Opiate Drug Crimes
Over the past decade, opiate use and overdose deaths in Florida have increased dramatically. In response to the opiate crisis, the Florida legislature has imposed harsh penalties for opiate drug convictions, and state attorneys have aggressively prosecuted these offenses. Opiate drug crimes may involve illegal substances, such as heroin, as well as some prescription medications, including oxycodone and vicodin. If you have been arrested for unlawful possession or sale of opiates, the St. Petersburg drug crimes attorney at Blake & Dorsten, P.A. can assist you. We have successfully represented defendants in opiate drug crime cases and are prepared to advocate for you.Florida Opiate Drug Crimes
Opiates are drugs that originate from naturally occurring components of the poppy plant. Some well-known examples of opiates are heroin, opium, morphine, codeine, hydrocodone, and oxycodone. Opioids, while having the same or similar effects on the human body as opiates, are synthetically manufactured drugs. Opioids include fentanyl and methadone. In Florida, most opiates and opioids are Schedule II controlled substances, with the exception of heroin, which is classified as a Schedule I drug. Controlled substances, particularly opiates and opioids, are heavily regulated by federal and Florida laws. Crimes involving Schedule I and Schedule II narcotics are among the most serious drug offenses, with harsh penalties for a conviction.Opiate Possession
In Florida, a person may not be in actual or constructive possession of an opiate unless it was lawfully obtained from a health care practitioner or pursuant to a valid prescription. Unlawful possession of any amount of opiates in Florida is a criminal offense. Generally, simple possession of an opiate for personal use is a third degree felony offense, punishable by up to five years in prison and a fine. If the amount of opiates possessed exceeds the statutory limit established for that particular drug, the offense may be charged as a second or first degree felony, depending on the circumstances. For example, possession of more than ten grams of heroin or methadone can result in a first degree felony charge, with the potential for significantly greater penalties if convicted.Criminal Offenses for Dealing Opiates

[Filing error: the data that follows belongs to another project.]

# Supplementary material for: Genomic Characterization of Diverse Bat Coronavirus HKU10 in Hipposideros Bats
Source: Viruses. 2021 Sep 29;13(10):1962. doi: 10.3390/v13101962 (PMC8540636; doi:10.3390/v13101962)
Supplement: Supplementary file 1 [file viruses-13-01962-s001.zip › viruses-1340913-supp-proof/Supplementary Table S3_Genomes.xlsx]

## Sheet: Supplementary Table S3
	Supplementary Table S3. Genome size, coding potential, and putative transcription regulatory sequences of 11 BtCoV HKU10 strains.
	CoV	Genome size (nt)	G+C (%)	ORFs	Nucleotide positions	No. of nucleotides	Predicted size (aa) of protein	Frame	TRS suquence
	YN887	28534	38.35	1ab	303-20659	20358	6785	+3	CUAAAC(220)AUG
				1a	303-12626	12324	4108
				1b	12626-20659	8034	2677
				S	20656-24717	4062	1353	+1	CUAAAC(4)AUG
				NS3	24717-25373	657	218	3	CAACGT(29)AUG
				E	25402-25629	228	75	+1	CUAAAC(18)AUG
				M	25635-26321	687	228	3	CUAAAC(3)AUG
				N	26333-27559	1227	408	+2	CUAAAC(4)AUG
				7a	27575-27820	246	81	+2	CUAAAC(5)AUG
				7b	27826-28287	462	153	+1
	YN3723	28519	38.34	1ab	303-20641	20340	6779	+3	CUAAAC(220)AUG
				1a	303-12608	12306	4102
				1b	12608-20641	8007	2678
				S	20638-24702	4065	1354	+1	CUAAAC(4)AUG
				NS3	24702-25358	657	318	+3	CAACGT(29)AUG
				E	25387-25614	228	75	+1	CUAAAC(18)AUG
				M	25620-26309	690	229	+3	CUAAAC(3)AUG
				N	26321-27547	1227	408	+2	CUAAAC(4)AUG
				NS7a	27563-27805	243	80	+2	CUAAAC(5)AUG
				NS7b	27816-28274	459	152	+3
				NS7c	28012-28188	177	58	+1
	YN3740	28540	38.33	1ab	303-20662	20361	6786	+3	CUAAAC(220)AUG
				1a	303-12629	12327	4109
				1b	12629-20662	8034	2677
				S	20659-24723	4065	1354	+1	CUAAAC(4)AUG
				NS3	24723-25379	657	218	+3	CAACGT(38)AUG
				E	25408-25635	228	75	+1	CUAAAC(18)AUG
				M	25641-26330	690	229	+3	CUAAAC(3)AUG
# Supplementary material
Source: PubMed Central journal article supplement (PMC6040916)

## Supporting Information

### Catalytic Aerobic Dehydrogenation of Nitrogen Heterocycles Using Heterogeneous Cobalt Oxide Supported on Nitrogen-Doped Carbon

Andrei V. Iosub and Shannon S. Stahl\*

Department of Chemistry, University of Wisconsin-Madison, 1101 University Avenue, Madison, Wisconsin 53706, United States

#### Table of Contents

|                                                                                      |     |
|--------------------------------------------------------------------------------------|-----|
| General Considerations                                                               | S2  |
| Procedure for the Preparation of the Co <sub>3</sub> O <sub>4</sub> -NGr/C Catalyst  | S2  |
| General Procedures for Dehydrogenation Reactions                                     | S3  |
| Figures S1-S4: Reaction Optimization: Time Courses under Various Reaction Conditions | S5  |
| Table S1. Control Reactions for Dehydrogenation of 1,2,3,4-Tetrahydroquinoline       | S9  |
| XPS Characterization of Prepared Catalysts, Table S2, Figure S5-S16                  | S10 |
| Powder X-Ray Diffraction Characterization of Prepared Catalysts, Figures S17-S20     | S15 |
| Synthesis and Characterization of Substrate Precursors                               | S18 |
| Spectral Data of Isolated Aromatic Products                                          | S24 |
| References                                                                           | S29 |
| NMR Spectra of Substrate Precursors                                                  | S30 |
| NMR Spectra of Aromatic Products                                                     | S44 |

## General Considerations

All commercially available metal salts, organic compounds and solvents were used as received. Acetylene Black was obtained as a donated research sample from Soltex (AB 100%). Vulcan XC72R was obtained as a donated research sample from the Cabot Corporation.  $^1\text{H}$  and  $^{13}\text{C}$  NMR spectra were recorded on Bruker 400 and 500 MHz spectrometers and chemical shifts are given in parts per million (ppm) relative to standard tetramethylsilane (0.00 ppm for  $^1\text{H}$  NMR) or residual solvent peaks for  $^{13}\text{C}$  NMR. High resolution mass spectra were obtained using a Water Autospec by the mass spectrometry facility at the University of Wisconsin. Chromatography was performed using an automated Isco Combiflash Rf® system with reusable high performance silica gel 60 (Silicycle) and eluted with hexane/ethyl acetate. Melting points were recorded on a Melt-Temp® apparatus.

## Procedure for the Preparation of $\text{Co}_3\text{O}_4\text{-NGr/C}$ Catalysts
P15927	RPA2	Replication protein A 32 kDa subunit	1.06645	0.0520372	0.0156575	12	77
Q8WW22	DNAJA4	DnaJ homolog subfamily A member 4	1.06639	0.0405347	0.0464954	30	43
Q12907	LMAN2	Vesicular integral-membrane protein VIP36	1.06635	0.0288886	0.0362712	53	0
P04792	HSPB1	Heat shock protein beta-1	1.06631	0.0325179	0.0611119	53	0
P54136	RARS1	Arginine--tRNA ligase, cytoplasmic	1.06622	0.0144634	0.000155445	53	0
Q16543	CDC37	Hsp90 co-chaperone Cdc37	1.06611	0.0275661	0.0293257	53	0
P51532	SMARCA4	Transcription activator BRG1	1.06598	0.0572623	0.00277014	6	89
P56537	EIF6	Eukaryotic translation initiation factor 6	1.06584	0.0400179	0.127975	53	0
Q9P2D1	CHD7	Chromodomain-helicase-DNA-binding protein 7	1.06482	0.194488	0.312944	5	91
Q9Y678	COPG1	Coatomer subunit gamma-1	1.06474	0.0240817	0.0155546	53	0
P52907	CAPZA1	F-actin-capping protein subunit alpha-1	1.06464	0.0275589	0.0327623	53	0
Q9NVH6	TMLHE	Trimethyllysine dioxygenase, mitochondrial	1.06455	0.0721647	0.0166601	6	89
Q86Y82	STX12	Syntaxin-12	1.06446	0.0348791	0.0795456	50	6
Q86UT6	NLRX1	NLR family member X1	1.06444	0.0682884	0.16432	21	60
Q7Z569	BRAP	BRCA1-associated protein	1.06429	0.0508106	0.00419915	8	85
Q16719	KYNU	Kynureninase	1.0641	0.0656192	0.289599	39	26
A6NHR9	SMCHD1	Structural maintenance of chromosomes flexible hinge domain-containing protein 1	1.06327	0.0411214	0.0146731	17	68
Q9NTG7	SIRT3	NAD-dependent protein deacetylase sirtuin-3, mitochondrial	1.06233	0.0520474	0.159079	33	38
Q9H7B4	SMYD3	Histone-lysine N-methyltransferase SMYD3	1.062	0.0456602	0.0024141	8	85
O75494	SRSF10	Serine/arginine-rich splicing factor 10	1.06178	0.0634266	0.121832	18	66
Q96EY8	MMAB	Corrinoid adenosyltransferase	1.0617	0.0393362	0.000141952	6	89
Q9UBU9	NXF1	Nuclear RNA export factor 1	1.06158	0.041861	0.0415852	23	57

Selling, manufacturing, or delivering opiates in any amount is illegal in Florida, as well as possessing opiates with the intent to sell, manufacture, or deliver them. In many situations, this offense is a second degree felony. However, there are a number of factors that may elevate the offense. For example, dealing opiates within 1,000 feet of a childcare facility, school, college, community center, park, church or place of worship, public housing facility, or an assisted living facility may be charged as a first degree felony, punishable by a mandatory minimum prison sentence. When a minor is involved in the sale or delivery of opiates, or suffers a bodily injury arising out of an opiate drug crime, the defendant may be charged with a first degree felony.
Trafficking is a serious crime involving a large quantity of a controlled substance. Opiate trafficking is a first degree felony offense. A conviction for trafficking in opiates may be subject to a mandatory minimum prison sentence from three to twenty-five years, depending on the amount and the type of opiate. If you have been accused of an opiate drug crime, retaining a lawyer may be crucial to avoid unnecessary penalties.Contact an Attorney Serving the St. Petersburg Area
If you are facing criminal charges for heroin or other drug crimes, a lawyer can help you fight against a conviction. The attorneys of Blake & Dorsten, P.A., are committed to pursuing a favorable outcome for our clients. In addition to St. Petersburg, our skilled lawyers can defend people charged with drug possession or trafficking crimes in Clearwater, Tampa Bay, and many other areas of Pinellas County. To request a free consultation with a knowledgeable opiate defense attorney, call Blake & Dorsten today at 727-286-6141 or contact us using our online form.